These days Bobby Kadis is living life to the fullest. After being diagnosed with Stage 4 lung cancer, he enrolled in a UNC Lineberger clinical trial using a combination of targeted drug therapies. Now the avid potter, mountain climber and yoga enthusiast celebrates being cancer-free.
“Bobby had the least trouble of all of us,” recalled Claudia Kadis of her husband’s climbing around the ruins of Machu Picchu in November, 2013. The Kadis’ explored the iconic Incan ruins in Peru at an altitude of 8,000 feet. Everyone in the group struggled with the altitude and the steep inclines. The only difference for Bobby was that he had just completed the surgical removal of two-thirds of his left lung, followed by multiple rounds of chemotherapy for treatment of lung cancer.
Diagnosed with Stage 2 non-small cell lung cancer in the spring of 2013, Bobby battled his cancer much the same way he goes through life – with tremendous fortitude and with the help and support of his wife of fifty years, Claudia.
“We balanced each other nicely throughout treatment,” says Bobby. “She worried about everything so I didn’t have to.”
For his initial diagnosis over two years ago, Bobby received his primary care at UNC Rex Cancer Care under the treatment of Dr. Jeremiah Boles, as well as consultation from Dr. Thomas Stinchcombe at UNC Lineberger. After the surgery and several months of chemotherapy, Bobby was back doing the things he loves, like throwing beautiful, hand-crafted pottery, traveling and participating in Bikram “hot” yoga sessions.
But, in the fall of 2014, Bobby started to show symptoms of fatigue and shortness of breath, something not normal for the very fit 78-year-old.
Following a scan in October 2014, they found that Bobby’s cancer had returned.
A biopsy confirmed the return of the cancer which indicated it was Stage 4. At that point, Bobby was referred from Rex to UNC Lineberger to meet with Dr. Stinchcombe to discuss entering a clinical trial.
During his earlier treatment, Bobby’s tumor was sequenced using next generation sequencing at UNC Lineberger to better understand the specific genetic mutation that was driving his cancer. In Bobby’s case, this was a mutation known as epidermal growth factor receptor or ‘EGFR,’ a mutation found in the tumors of advanced non-small cell lung cancer patients. Knowing this, his care team could then determine if Bobby was eligible for targeted therapy, specifically a clinical trial using a combination therapy of erlotinib and bevacizumab, compared to the standard therapy of erlotinib alone. The trial results would determine which treatment worked better in patients with EGFR mutant non-small cell lung cancer.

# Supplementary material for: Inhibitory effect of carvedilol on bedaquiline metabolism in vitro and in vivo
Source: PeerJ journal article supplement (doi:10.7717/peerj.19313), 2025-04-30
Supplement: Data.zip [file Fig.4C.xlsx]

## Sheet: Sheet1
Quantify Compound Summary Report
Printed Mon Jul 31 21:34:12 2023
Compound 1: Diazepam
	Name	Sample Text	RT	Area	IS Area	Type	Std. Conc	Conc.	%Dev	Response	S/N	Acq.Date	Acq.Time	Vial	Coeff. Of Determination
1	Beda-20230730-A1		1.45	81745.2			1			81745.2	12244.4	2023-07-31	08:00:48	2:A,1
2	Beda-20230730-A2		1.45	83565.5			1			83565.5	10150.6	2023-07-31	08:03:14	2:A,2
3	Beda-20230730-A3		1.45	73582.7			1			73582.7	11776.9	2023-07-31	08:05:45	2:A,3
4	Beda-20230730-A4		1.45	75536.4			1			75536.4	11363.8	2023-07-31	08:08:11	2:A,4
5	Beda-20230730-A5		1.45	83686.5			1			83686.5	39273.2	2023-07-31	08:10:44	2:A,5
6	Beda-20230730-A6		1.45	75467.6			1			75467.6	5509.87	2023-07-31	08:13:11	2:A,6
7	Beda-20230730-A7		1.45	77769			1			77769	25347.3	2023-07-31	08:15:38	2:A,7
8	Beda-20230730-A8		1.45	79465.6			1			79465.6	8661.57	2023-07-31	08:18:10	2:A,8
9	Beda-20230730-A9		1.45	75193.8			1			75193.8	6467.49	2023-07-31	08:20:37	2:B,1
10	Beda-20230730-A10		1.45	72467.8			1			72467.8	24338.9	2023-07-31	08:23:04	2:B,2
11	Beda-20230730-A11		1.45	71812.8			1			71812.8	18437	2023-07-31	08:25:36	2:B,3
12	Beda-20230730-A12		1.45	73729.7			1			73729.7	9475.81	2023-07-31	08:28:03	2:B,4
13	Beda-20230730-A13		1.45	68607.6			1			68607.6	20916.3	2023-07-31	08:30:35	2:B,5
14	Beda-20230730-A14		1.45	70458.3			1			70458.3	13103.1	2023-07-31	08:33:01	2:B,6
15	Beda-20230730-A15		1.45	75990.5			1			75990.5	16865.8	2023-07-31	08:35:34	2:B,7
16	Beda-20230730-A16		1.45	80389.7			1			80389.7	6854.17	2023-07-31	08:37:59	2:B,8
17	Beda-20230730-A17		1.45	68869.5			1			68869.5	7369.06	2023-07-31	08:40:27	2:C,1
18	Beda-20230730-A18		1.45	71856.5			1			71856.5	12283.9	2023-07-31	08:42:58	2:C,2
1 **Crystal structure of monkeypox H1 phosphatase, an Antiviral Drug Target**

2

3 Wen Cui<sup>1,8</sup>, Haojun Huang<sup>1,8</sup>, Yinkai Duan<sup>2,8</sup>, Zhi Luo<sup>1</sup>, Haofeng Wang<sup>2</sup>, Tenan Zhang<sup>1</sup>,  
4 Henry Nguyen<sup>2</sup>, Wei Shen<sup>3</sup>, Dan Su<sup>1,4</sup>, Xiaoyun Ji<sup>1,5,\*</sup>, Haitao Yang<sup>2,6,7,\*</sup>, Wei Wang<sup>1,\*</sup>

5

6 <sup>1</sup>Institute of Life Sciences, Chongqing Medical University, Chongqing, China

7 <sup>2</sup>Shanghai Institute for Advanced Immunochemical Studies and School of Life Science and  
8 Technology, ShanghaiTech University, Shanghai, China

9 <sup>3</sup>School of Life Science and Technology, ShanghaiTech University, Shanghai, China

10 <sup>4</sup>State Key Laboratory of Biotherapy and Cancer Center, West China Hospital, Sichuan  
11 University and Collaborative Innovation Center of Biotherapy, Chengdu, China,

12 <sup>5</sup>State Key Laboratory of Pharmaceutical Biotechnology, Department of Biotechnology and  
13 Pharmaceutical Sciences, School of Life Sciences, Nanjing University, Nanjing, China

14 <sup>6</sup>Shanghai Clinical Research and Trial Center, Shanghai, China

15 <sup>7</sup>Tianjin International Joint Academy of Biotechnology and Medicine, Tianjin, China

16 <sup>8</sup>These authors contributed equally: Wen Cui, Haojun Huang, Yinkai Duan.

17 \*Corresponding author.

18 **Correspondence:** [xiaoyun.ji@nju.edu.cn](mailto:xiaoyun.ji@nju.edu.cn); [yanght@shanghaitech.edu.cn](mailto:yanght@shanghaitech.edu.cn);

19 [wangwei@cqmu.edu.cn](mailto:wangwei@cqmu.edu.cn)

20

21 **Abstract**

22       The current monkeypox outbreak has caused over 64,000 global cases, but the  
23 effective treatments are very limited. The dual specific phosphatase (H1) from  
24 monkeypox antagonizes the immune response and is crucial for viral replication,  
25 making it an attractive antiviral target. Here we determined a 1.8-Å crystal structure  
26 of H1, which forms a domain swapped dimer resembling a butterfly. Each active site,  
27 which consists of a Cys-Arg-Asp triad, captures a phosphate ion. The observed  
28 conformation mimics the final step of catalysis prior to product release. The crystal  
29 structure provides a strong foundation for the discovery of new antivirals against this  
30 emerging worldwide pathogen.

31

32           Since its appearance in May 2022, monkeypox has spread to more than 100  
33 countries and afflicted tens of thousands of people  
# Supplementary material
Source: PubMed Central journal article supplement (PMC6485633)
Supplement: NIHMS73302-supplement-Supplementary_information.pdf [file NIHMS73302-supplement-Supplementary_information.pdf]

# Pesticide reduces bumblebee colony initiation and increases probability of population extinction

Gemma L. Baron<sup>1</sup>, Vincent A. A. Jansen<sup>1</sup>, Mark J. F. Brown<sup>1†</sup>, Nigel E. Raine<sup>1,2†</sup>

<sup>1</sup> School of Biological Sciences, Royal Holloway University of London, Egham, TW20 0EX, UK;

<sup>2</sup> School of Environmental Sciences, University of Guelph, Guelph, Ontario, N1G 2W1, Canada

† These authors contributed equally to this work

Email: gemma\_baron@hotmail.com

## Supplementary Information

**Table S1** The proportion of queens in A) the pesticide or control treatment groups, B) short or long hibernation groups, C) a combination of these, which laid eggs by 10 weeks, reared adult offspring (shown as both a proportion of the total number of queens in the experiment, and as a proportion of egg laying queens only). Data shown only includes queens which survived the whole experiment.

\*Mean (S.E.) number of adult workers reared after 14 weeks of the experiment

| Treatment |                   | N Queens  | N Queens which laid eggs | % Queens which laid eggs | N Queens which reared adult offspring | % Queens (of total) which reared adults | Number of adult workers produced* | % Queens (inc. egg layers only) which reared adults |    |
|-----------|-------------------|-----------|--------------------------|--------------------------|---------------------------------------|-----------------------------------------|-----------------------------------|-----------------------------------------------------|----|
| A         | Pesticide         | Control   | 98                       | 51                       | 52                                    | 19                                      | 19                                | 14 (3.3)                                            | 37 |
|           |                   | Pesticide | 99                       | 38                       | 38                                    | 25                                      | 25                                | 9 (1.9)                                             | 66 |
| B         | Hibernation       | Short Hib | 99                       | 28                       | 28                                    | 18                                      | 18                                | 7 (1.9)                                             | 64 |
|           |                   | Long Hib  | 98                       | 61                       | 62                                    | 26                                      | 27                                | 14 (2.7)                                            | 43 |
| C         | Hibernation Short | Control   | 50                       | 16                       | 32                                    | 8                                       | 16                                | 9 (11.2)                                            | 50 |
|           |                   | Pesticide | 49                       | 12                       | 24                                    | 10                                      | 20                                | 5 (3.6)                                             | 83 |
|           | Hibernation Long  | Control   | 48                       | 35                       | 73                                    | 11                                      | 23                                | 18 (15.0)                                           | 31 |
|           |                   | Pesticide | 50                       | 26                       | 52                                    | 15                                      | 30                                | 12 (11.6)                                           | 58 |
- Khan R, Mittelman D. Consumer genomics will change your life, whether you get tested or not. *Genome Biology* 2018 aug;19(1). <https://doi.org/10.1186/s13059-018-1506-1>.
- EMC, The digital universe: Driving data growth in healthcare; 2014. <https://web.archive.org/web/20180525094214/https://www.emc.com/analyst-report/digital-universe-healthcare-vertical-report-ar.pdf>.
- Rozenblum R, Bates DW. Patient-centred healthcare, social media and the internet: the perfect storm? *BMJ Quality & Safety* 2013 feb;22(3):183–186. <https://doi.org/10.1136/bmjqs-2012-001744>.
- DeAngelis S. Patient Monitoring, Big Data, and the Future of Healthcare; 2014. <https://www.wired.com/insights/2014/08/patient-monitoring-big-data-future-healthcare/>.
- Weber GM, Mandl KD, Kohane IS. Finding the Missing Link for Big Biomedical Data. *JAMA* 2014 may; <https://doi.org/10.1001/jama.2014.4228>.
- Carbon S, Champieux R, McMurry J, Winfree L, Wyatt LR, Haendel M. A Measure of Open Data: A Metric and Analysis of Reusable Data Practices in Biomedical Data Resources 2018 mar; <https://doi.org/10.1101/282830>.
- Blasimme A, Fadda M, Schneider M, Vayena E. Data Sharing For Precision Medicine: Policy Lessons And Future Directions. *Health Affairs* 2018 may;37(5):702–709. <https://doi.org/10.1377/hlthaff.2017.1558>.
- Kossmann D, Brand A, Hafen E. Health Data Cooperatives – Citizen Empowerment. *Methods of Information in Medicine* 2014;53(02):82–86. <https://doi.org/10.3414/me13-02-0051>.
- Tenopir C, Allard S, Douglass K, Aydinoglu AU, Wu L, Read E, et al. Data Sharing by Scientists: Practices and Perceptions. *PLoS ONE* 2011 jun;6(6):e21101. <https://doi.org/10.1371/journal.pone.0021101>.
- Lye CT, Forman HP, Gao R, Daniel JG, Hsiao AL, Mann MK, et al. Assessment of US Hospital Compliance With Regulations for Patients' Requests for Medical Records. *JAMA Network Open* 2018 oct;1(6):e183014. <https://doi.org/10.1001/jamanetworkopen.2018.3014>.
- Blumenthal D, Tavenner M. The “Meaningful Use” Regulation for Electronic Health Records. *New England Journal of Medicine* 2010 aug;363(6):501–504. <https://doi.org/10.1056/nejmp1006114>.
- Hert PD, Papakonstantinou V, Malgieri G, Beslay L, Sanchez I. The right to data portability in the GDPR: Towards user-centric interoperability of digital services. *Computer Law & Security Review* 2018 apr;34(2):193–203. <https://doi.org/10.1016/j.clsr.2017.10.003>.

At the time, there were only 10 spots open at UNC for this trial, and seven were already taken. Bobby qualified for the 8th spot. A randomized computer selection would determine if he received one or both therapies. “We were thrilled,” says Claudia, “although we knew there was a chance that Bobby would not be put on the dual therapy regimen, he was selected to receive both therapies.”
Bobby started his treatment in the clinical trial shortly after his recurrence diagnosis, with a combination therapy of an infusion every 21 days and a daily oral pill. Following the first scan after two months, doctors were pleased to report Bobby had experienced “significant regression.”
“I’ll never forget it, Dr. Stinchcombe saying to me, ‘Your cancer is shrinking.’” said Bobby. Subsequent scans have indicated that his cancer is no longer observable on the scan.
The side effects from the dual therapies are mostly treatable and tolerable, according to Bobby, and his response continues to be very positive.
“We learned from Dr. Stinchcombe that cancer is a part of our life, not our life,” says Claudia.
Now, Bobby is back to doing what he loves: pottery, yoga and spending time with Claudia, their three children and six grandchildren.